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EPR Paradox Confusion

  1. Jan 14, 2014 #1
    Hello,

    I've read through several sources about the EPR Paradox but I'm not sure I'm understanding everything. I know that:
    -the paradox in question seems to be due to a violation of the principle of locality
    -there is no useful transferred faster than c regardless of which axes the two observers choose to measure along

    My primary concern is:
    -Why is the example where the two observer's measure along different axes introduced?

    From my current understanding, this adds nothing new to the violation of the principle of locality when both observer's are measuring along the same axis. I've read several sources which mention a violation of the principle of uncertainty, with the implication that this is at the crux of the paradox. I don't see any point in the experiment where one can claim to know the spin along more than one axis.

    All of this leads me to believe that I am missing a point.

    Thank you
     
  2. jcsd
  3. Jan 15, 2014 #2
    "Why is the example where the two observer's measure along different axes introduced?"

    Without reading the exact language your referring to, when discussing locality, two reference frames are often used to highlight the problem of assigning a causal relationship to two events in time/space that occur so close in time that a light signal could not cross the distance between them in that time. The point is to show that in such cases there is no objective agreement as to which occurred first - it depends on your frame of reference. Since there is no objective agreement on which occurred first, assigning a causal relationship is problematic - how can the first event cause the second event when either one could be seen as the "first".

    "All of this leads me to believe that I am missing a point."

    The crux of the paradox is better explained in the Bell Inequality. Bell described a specific experiment which, when data is collected on all or nearly all of the particles, QM predicts statistical results that cannot be created with hidden values.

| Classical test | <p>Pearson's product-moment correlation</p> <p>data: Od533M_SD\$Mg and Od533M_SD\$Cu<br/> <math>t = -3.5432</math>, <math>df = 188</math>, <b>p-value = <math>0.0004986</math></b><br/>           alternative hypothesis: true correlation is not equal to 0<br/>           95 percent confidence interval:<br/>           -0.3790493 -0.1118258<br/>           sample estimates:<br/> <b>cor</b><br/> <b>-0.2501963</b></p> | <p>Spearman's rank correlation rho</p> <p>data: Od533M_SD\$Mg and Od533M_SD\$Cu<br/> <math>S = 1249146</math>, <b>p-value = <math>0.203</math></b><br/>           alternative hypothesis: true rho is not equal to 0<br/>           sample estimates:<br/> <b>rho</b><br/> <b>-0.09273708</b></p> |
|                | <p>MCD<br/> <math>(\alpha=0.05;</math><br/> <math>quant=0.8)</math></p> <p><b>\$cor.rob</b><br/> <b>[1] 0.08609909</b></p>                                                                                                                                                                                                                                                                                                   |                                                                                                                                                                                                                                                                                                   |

4. Jan 15, 2014 #3

    Nugatory

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    Staff: Mentor

    If you only consider measurements on one axis, the results might still have a purely local explanation.

    As an analogy, consider what happens if I take a pair of gloves, put each glove in its own box, and then mail them to two different people in two different parts of the world. When one recipient opens his box and finds a left-handed glove, he knows immediately that whenever the other person opens their box they'll find a right-handed glove. There's no quantum weirdness happening here, no wave function instantaneously collapsing everywhere when one of us opens a box, no non-locality, no way that my observing my glove has any influence whatsoever on the other glove in the other box. We just had a left-handed and a right-handed glove all along. This is basically the EPR argument - there's some underlying physics that we don't know yet that explains how one particle was spin-up and the other was spin-down all along, and the quantum mechanical randomness just reflects our incomplete understanding of the system.

    However, it turns out that there is no way of setting up initial conditions so that any measurement on any axis will match the quantum mechanical predictions; the glove analogy only works for a single axis. Thus, we have to look at results on multiple axes to be sure that we're seeing quantum mechanical effects and not just some preexisting values of the particle states.

    Google for "Bell's Theorem" for more information.
     
  5. Jan 15, 2014 #4

    DrChinese

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    EPR was from 1935 and QM was still new. The authors believed a deeper theory might be possible, that QM was somehow incomplete. They postulated: since you could determine Alice's property P from measuring Bob's P without actually measuring Alice, that property must be predetermined. If you accept that as true, then you could measure Alice's non-commuting Q and then you would know P and Q about Alice. That would, in fact, violate the Heisenberg Uncertainty Principle.

    The flaw in the argument is the idea that the decision to measure Bob's P does not in any way affect Alice. That flaw was not obvious until Bell came along and demonstrated the inconsistency in the EPR argument.
     
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